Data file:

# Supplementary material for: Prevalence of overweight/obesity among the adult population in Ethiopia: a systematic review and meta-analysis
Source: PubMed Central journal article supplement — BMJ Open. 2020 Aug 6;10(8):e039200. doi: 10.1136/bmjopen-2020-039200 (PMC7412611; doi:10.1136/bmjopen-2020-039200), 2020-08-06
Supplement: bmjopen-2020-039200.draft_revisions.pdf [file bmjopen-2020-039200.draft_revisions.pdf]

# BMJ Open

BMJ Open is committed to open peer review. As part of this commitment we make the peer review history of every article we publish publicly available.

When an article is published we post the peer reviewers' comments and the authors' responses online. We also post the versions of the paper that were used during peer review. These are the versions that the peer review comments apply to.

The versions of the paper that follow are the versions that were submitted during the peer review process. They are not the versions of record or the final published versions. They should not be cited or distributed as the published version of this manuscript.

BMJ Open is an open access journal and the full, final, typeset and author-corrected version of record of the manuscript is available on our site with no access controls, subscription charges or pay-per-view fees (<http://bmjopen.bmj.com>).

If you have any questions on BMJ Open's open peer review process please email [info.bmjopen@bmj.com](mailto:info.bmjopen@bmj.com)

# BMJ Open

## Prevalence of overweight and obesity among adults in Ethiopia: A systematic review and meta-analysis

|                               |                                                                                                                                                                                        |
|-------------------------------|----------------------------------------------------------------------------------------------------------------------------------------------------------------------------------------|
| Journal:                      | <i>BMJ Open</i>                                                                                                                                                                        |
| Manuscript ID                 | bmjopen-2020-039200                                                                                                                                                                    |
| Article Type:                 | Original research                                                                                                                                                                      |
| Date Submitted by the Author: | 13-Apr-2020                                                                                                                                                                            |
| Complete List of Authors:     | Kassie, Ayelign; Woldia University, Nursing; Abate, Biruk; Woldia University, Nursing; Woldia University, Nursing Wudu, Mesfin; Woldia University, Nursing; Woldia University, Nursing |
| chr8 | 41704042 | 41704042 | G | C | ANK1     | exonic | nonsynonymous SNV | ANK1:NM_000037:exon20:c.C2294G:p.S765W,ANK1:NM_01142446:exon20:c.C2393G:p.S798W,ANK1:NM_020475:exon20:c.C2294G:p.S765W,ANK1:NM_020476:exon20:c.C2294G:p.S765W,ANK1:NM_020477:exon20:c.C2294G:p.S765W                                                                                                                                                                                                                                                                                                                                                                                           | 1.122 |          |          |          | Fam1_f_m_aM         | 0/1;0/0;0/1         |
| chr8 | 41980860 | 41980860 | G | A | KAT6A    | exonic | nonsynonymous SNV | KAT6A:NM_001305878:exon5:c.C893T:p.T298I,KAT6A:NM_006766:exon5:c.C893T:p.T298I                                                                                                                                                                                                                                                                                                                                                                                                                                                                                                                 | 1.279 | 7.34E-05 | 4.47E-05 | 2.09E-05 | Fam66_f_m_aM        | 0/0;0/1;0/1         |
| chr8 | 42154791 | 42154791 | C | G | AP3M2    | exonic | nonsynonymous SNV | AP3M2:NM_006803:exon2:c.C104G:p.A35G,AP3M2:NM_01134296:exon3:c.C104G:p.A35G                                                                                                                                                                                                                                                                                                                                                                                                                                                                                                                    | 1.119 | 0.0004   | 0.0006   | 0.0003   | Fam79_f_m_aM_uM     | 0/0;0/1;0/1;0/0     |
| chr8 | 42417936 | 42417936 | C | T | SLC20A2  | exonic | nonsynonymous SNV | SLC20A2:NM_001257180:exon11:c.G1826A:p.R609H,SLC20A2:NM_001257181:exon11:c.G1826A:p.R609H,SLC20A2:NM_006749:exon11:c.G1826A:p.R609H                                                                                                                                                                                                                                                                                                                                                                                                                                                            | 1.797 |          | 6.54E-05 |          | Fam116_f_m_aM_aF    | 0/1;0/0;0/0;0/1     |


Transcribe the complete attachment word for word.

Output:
# Supplementary material for: Prevalence of overweight/obesity among the adult population in Ethiopia: a systematic review and meta-analysis
Source: PubMed Central journal article supplement — BMJ Open. 2020 Aug 6;10(8):e039200. doi: 10.1136/bmjopen-2020-039200 (PMC7412611; doi:10.1136/bmjopen-2020-039200), 2020-08-06
Supplement: bmjopen-2020-039200.draft_revisions.pdf [file bmjopen-2020-039200.draft_revisions.pdf]

# BMJ Open

BMJ Open is committed to open peer review. As part of this commitment we make the peer review history of every article we publish publicly available.

When an article is published we post the peer reviewers' comments and the authors' responses online. We also post the versions of the paper that were used during peer review. These are the versions that the peer review comments apply to.

The versions of the paper that follow are the versions that were submitted during the peer review process. They are not the versions of record or the final published versions. They should not be cited or distributed as the published version of this manuscript.

BMJ Open is an open access journal and the full, final, typeset and author-corrected version of record of the manuscript is available on our site with no access controls, subscription charges or pay-per-view fees (<http://bmjopen.bmj.com>).

If you have any questions on BMJ Open's open peer review process please email [info.bmjopen@bmj.com](mailto:info.bmjopen@bmj.com)

# BMJ Open

## Prevalence of overweight and obesity among adults in Ethiopia: A systematic review and meta-analysis

|                               |                                                                                                                                                                                        |
|-------------------------------|----------------------------------------------------------------------------------------------------------------------------------------------------------------------------------------|
| Journal:                      | <i>BMJ Open</i>                                                                                                                                                                        |
| Manuscript ID                 | bmjopen-2020-039200                                                                                                                                                                    |
| Article Type:                 | Original research                                                                                                                                                                      |
| Date Submitted by the Author: | 13-Apr-2020                                                                                                                                                                            |
| Complete List of Authors:     | Kassie, Ayelign; Woldia University, Nursing; Abate, Biruk; Woldia University, Nursing; Woldia University, Nursing Wudu, Mesfin; Woldia University, Nursing; Woldia University, Nursing |
| chr8 | 41704042 | 41704042 | G | C | ANK1     | exonic | nonsynonymous SNV | ANK1:NM_000037:exon20:c.C2294G:p.S765W,ANK1:NM_01142446:exon20:c.C2393G:p.S798W,ANK1:NM_020475:exon20:c.C2294G:p.S765W,ANK1:NM_020476:exon20:c.C2294G:p.S765W,ANK1:NM_020477:exon20:c.C2294G:p.S765W                                                                                                                                                                                                                                                                                                                                                                                           | 1.122 |          |          |          | Fam1_f_m_aM         | 0/1;0/0;0/1         |
| chr8 | 41980860 | 41980860 | G | A | KAT6A    | exonic | nonsynonymous SNV | KAT6A:NM_001305878:exon5:c.C893T:p.T298I,KAT6A:NM_006766:exon5:c.C893T:p.T298I                                                                                                                                                                                                                                                                                                                                                                                                                                                                                                                 | 1.279 | 7.34E-05 | 4.47E-05 | 2.09E-05 | Fam66_f_m_aM        | 0/0;0/1;0/1         |
| chr8 | 42154791 | 42154791 | C | G | AP3M2    | exonic | nonsynonymous SNV | AP3M2:NM_006803:exon2:c.C104G:p.A35G,AP3M2:NM_01134296:exon3:c.C104G:p.A35G                                                                                                                                                                                                                                                                                                                                                                                                                                                                                                                    | 1.119 | 0.0004   | 0.0006   | 0.0003   | Fam79_f_m_aM_uM     | 0/0;0/1;0/1;0/0     |
| chr8 | 42417936 | 42417936 | C | T | SLC20A2  | exonic | nonsynonymous SNV | SLC20A2:NM_001257180:exon11:c.G1826A:p.R609H,SLC20A2:NM_001257181:exon11:c.G1826A:p.R609H,SLC20A2:NM_006749:exon11:c.G1826A:p.R609H                                                                                                                                                                                                                                                                                                                                                                                                                                                            | 1.797 |          | 6.54E-05 |          | Fam116_f_m_aM_aF    | 0/1;0/0;0/0;0/1     |